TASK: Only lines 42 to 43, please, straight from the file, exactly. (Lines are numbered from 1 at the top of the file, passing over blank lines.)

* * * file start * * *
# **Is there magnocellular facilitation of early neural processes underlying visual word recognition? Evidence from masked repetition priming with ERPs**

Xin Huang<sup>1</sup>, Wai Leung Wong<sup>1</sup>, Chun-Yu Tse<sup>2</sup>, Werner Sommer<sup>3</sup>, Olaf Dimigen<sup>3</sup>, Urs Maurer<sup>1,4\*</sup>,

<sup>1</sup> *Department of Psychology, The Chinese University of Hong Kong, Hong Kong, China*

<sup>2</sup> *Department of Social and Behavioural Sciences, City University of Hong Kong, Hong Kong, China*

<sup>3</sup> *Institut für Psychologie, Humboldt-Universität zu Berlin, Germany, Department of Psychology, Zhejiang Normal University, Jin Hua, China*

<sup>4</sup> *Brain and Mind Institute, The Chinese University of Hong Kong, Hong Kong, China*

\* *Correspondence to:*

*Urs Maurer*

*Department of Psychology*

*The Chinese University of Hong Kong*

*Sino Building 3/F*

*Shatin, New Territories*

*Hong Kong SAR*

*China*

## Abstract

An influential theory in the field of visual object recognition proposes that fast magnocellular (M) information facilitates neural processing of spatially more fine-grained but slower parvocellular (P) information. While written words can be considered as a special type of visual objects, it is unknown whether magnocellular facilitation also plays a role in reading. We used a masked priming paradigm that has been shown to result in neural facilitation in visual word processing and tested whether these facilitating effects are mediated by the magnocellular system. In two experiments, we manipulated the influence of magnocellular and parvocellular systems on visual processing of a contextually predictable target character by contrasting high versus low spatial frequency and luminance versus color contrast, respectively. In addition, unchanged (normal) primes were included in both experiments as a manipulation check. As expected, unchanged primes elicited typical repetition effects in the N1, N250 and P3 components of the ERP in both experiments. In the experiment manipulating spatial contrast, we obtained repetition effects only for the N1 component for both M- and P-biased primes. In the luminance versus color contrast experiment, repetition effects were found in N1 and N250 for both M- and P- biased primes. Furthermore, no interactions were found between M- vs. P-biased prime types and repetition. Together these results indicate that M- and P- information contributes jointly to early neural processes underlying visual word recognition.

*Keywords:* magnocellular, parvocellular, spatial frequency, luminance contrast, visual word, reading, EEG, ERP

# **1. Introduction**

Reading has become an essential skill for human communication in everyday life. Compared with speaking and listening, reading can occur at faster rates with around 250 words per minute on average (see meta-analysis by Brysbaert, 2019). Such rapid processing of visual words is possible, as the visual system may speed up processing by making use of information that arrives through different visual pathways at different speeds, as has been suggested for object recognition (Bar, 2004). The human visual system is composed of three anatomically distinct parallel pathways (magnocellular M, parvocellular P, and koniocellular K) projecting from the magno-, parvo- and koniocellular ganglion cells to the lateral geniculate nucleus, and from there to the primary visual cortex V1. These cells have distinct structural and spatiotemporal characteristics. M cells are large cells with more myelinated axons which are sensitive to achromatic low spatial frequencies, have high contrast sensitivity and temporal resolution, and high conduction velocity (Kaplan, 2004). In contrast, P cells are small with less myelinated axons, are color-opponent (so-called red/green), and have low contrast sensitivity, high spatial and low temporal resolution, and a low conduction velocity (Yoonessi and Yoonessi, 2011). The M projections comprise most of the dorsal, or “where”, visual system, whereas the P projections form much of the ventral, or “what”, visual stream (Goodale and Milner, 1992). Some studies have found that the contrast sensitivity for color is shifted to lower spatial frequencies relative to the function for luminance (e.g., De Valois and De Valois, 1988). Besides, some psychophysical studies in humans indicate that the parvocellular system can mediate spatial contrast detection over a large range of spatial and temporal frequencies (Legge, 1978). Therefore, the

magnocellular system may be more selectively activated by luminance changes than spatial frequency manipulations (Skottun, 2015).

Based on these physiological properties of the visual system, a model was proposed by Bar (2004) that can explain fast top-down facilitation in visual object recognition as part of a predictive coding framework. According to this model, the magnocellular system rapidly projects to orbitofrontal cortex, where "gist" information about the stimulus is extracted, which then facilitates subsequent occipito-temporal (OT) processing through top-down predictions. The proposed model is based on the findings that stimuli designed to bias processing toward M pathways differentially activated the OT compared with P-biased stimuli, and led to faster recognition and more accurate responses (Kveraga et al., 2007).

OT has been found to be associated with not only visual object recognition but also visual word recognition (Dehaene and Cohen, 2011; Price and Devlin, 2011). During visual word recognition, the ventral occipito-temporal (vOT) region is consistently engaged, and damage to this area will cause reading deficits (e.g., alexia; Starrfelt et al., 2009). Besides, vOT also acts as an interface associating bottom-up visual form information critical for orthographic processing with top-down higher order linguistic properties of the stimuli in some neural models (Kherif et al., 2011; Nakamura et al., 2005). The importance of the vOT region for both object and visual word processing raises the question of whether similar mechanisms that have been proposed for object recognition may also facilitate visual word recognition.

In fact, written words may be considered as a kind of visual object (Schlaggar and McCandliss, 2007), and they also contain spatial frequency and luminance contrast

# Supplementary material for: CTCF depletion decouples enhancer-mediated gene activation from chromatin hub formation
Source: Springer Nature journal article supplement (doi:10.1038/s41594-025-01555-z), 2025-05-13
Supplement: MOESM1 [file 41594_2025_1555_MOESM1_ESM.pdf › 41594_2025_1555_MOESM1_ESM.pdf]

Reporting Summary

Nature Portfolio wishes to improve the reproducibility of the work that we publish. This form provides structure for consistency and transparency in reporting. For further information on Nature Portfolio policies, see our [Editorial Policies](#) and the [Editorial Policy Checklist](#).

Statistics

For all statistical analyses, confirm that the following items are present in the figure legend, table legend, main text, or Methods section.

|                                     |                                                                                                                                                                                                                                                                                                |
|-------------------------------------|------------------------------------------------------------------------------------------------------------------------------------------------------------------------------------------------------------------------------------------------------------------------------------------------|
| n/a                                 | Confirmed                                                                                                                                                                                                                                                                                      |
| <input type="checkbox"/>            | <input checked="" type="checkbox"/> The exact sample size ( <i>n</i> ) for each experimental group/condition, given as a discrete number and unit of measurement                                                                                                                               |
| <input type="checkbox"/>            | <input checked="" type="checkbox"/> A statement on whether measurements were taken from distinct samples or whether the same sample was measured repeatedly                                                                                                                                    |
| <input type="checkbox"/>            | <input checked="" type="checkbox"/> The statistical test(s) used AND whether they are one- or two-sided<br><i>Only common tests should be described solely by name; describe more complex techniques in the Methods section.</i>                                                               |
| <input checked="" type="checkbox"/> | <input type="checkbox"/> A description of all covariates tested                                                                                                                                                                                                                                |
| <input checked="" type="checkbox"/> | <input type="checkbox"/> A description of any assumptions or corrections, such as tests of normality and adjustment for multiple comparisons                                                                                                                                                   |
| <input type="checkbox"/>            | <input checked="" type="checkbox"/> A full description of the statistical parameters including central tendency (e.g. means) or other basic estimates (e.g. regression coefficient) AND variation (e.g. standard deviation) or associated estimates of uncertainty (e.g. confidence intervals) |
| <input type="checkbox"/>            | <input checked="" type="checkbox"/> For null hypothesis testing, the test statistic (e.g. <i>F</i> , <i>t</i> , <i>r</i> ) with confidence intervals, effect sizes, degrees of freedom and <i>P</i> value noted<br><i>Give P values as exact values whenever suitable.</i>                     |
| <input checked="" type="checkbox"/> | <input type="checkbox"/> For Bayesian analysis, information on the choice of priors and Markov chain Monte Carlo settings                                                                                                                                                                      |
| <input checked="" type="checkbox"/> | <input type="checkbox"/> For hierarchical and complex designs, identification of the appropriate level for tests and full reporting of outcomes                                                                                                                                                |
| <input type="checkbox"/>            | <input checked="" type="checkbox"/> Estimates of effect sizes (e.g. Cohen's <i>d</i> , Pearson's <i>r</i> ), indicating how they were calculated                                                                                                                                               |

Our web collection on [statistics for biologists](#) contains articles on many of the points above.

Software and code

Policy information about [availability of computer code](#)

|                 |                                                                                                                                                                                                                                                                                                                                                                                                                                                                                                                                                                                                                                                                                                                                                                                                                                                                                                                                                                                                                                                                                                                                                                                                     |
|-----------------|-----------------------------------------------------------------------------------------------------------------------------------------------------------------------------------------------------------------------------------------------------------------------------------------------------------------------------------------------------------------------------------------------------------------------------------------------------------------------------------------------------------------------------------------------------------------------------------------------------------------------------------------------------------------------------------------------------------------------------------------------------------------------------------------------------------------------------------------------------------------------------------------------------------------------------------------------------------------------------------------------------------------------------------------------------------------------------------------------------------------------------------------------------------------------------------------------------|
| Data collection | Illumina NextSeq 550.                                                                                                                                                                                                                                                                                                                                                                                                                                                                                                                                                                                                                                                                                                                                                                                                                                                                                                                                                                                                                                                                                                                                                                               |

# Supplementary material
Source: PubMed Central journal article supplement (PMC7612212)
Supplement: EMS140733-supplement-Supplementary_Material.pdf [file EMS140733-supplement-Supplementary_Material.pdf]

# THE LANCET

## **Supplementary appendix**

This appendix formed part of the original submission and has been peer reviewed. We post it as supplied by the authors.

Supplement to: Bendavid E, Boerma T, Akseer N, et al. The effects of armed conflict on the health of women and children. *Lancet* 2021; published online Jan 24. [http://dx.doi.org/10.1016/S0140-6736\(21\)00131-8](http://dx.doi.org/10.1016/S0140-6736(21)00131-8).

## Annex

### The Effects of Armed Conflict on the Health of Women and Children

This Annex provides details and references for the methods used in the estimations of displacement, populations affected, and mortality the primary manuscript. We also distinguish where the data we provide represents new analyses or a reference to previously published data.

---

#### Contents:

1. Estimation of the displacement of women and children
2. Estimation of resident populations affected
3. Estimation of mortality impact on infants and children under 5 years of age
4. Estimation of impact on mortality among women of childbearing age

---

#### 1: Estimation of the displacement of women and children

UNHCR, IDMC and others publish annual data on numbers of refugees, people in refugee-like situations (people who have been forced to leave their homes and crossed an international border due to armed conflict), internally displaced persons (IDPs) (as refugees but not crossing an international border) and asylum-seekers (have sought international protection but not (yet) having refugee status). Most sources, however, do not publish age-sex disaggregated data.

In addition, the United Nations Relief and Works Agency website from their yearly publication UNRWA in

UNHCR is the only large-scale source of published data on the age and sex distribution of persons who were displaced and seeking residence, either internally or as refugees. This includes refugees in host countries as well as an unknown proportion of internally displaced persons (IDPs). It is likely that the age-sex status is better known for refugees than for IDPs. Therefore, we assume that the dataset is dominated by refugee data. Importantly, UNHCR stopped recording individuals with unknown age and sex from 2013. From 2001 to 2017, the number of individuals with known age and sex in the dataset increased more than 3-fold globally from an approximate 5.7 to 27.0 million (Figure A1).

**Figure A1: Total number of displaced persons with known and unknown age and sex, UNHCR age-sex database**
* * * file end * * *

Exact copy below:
| <input checked="" type="checkbox"/> | <input type="checkbox"/> For hierarchical and complex designs, identification of the appropriate level for tests and full reporting of outcomes                                                                                                                                                |
| <input type="checkbox"/>            | <input checked="" type="checkbox"/> Estimates of effect sizes (e.g. Cohen's <i>d</i> , Pearson's <i>r</i> ), indicating how they were calculated                                                                                                                                               |